Kia has published an update on its electrification strategy that builds on the ‘Plan S’ presented in January. The Korean company presented the first sketch of the electric sedan scheduled for launch in 2021.
After Hyundai presented its ‘Strategy 2025’ in December 2019, its sister brand Kia followed suit in January with its ‘Plan S’. This plan envisaged that by 2025, “environmentally friendly vehicles” would account for 25 per cent of sales and eleven BEVs were promised by 2025. The first of these electric models should be launched next year and will probably be the production version of the study ‘Imagine by Kia’.
Although Kia titled the current press release with “Accelerating the transformation of the business into a leading brand for electric vehicles,” the goals formulated in Plan S were in fact watered down again somewhat eight months later: Now there is still talk of seven new dedicated BEVs by 2027. In other words, the eleven electric models mentioned in January obviously include the current model series such as the e-Niro and e-Soul, but also the K3 EV sold in China.
Kia has also made sales targets have been made more concrete: For 2025 Kia is targeting a BEV share of 20 per cent of total Kia sales; the original target of 25 per cent is to be reached in 2029.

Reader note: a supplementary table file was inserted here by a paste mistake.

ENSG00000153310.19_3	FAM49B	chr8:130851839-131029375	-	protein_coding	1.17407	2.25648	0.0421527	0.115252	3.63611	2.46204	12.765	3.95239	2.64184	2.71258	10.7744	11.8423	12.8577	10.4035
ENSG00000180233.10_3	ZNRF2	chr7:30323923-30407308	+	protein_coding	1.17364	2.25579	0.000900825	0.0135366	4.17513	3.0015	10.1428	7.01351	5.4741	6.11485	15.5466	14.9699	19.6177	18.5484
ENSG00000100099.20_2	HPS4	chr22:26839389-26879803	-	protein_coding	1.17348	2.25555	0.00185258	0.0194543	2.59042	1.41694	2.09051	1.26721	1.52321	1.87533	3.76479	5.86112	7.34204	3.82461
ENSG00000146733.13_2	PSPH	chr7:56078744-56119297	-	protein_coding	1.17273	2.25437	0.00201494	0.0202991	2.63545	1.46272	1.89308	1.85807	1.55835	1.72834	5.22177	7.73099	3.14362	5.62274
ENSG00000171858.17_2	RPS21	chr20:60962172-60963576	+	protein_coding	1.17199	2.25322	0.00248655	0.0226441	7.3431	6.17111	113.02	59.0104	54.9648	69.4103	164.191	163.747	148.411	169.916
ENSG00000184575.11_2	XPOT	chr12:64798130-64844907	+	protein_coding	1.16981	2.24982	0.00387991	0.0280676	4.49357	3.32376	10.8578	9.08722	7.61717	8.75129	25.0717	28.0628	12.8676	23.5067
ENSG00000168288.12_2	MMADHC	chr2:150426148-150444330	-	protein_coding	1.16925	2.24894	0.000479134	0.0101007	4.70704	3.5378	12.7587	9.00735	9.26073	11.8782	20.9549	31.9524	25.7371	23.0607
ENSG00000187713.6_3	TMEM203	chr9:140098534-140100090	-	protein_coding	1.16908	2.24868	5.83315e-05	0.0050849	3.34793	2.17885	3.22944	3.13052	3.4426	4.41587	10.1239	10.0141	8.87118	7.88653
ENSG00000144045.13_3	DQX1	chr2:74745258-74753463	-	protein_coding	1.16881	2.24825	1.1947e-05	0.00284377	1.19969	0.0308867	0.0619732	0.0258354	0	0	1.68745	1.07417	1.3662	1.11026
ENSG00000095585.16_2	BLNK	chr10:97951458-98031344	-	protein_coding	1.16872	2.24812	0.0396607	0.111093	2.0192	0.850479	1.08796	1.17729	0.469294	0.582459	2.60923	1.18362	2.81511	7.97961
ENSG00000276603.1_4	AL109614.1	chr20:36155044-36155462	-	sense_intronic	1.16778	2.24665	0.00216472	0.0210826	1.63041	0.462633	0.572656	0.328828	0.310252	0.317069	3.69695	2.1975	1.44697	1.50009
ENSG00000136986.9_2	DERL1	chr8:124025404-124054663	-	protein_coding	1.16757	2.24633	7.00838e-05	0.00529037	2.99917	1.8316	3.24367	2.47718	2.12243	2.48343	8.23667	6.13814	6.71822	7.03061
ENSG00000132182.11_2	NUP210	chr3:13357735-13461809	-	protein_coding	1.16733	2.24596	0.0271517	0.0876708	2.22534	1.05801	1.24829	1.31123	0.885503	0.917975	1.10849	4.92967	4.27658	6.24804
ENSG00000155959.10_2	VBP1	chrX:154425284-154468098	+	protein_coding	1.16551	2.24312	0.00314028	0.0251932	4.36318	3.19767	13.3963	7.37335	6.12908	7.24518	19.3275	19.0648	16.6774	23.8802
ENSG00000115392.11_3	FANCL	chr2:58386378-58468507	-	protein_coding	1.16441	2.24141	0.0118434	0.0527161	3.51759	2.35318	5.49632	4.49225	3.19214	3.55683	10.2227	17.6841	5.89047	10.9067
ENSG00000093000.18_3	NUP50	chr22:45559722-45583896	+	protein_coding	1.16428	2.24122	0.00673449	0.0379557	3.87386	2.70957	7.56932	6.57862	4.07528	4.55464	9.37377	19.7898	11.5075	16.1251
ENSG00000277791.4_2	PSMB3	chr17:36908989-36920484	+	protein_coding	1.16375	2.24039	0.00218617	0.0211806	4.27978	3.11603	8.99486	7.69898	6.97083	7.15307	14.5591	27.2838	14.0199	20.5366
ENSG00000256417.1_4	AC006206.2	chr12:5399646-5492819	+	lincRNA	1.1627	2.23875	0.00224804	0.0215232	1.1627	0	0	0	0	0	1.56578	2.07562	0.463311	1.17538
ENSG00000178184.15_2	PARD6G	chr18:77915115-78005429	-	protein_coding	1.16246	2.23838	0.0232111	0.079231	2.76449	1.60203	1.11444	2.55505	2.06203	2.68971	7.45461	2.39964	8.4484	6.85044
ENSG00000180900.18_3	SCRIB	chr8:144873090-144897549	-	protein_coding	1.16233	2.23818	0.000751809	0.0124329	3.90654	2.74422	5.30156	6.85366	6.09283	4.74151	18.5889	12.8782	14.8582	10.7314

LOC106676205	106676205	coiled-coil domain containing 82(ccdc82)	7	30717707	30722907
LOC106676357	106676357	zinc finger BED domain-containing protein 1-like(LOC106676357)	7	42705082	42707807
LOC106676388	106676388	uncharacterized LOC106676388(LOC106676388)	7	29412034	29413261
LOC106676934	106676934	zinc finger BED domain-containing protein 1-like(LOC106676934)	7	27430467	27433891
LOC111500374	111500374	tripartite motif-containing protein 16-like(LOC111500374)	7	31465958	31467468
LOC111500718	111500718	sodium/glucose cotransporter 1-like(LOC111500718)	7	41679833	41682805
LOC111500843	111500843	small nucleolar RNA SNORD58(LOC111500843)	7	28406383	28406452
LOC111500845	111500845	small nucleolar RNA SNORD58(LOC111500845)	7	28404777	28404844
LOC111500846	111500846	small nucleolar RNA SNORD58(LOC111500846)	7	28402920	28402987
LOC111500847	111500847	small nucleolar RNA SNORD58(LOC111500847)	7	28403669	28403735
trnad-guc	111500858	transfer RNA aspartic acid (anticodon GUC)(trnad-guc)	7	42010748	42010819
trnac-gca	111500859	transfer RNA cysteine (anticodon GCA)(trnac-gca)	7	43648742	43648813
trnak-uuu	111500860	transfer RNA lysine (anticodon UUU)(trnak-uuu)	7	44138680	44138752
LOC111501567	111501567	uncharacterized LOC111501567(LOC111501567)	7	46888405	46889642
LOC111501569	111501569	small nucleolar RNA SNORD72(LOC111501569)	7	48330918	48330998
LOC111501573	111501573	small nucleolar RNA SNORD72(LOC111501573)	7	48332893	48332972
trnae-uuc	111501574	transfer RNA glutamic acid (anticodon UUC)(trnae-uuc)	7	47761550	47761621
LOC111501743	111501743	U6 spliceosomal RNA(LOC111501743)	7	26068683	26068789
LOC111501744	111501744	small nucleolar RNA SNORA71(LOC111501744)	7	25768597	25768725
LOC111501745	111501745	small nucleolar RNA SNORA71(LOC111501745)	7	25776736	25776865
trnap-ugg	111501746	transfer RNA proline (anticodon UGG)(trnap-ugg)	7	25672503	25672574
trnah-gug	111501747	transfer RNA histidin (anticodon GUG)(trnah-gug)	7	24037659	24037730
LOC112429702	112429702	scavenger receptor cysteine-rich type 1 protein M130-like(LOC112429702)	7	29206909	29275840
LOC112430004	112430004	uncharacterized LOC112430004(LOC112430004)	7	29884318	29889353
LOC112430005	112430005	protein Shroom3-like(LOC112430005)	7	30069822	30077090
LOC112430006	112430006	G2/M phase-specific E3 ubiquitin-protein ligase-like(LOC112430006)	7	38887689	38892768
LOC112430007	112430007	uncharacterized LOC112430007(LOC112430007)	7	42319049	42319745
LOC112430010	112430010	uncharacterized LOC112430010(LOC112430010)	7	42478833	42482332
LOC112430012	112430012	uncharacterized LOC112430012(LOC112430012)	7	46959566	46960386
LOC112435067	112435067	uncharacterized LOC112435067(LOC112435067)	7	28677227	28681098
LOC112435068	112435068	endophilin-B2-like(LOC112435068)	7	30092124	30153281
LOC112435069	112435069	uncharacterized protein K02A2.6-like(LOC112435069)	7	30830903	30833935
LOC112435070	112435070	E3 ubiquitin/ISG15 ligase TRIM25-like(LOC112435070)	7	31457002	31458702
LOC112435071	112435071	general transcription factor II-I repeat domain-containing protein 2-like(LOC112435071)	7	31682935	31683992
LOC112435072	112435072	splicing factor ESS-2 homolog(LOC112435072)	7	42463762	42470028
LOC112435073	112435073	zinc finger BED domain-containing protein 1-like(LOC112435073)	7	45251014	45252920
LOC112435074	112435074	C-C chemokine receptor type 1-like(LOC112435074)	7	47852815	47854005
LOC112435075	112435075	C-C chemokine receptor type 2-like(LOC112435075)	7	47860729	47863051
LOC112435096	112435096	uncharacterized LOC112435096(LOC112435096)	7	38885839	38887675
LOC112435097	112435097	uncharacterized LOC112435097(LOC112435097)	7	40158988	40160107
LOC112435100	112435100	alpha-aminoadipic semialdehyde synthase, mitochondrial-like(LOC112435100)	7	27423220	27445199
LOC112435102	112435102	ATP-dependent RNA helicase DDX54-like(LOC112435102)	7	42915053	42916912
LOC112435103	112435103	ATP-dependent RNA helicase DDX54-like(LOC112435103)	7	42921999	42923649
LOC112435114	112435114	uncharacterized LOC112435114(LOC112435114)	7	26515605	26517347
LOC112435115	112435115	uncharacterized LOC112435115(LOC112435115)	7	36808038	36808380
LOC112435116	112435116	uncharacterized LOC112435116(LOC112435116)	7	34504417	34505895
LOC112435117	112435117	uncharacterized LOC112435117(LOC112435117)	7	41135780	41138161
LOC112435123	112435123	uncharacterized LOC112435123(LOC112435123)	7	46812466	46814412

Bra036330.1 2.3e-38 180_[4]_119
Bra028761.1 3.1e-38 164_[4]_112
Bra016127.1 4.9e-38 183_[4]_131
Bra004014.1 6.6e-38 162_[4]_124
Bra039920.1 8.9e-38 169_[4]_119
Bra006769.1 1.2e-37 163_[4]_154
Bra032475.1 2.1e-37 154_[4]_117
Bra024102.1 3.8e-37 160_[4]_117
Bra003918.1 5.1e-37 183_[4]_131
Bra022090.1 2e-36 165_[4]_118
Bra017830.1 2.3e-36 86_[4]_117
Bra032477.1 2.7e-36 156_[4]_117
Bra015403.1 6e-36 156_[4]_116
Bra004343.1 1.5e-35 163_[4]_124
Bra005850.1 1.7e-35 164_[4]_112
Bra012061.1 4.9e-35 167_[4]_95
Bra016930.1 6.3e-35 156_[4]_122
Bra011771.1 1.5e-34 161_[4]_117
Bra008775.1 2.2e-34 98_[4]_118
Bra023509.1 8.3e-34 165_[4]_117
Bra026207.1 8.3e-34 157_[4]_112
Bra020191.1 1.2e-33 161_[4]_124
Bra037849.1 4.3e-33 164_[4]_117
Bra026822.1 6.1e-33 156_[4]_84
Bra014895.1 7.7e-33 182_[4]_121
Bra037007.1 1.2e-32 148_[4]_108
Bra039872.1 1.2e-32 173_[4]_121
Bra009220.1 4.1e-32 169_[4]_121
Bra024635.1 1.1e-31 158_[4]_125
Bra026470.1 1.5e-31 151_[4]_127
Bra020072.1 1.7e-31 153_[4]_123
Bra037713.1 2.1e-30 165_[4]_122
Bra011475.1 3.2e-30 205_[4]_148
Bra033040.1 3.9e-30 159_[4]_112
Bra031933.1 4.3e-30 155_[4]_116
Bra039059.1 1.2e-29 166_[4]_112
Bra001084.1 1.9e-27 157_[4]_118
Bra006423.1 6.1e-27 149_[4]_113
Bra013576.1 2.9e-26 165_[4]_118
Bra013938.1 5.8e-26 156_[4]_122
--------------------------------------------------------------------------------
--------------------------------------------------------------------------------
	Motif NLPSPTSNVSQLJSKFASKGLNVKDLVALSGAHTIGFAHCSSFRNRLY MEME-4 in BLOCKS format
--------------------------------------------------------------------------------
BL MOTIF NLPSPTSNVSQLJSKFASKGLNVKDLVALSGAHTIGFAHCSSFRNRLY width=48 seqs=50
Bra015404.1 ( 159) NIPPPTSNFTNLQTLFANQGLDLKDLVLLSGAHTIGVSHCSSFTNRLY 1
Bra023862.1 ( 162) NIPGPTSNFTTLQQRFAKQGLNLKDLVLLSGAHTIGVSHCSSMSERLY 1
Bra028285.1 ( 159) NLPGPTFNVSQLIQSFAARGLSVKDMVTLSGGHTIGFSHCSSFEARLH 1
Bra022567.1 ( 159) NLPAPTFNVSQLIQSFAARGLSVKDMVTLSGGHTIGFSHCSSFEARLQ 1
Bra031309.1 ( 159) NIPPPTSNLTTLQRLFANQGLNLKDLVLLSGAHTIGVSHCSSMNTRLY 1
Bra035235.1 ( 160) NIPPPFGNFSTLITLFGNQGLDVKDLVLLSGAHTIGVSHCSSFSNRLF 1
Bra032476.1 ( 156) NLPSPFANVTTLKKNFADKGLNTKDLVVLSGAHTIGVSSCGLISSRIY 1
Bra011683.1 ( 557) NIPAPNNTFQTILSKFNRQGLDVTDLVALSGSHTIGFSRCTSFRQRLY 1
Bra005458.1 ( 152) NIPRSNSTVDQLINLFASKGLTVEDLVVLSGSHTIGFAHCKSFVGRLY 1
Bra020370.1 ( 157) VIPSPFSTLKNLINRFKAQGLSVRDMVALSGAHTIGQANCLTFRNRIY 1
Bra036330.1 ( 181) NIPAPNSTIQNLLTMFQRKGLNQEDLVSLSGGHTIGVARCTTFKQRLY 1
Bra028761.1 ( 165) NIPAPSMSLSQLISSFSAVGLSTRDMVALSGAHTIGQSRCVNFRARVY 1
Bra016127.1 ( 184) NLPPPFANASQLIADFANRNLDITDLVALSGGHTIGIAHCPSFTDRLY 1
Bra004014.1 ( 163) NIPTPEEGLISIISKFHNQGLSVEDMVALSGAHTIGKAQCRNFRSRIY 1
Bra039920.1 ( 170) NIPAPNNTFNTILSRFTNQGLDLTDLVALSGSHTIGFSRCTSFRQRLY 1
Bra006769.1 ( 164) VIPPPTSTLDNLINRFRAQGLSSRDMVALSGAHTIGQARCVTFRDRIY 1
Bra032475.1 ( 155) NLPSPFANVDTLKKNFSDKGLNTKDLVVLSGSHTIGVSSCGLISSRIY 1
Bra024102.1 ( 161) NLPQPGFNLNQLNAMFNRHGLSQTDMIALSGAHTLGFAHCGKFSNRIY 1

The first new BEV model is being developed under the code name ‘CV’; Kia has now published a sketch of the vehicle. The study does bear some semblance to the originally-shown study but the sketch is still very vague. One might therefore deduce that Kia is planning a large electric SUV, as is visible to the left of the CV model.
Kia also intends to expand its sales practices for electric vehicles. The brand is considering the creation of subscription services, leasing and rental programs for batteries and other businesses related to the use of batteries.
The after-sales infrastructure for electric vehicles is also to be expanded around these EV business models. By 2023, 2,000 employees in this area are expected to be working exclusively on electric mobility. Kia aims to increase its number of dedicated EV work bays in Korea to 1,200 by 2030. The Korean carmaker said that it will increase the number of EV work bays “in other markets worldwide” to 600 by the end of this year, and more than 2,000 by 2023. Addressing the issue of qualified maintenance staff, Kia has said that it plans to develop its own training programs.
Last but not least, Kia plans to expand its charging infrastructure worldwide. In its home market of South Korea, 1,500 charging stations are predominantly planned at branches and dealerships. For its part, the Hyundai Motor Group plans to install 120 HPC in city centres and along highways. Kia mentions 2,400 charging stations in Europe and 500 in North America but did not say whether these will be AC or DC charging points. For the USA and China, Kia says it is still looking for partners for charging infrastructure.
With reporting by Sebastian Schaal, Germany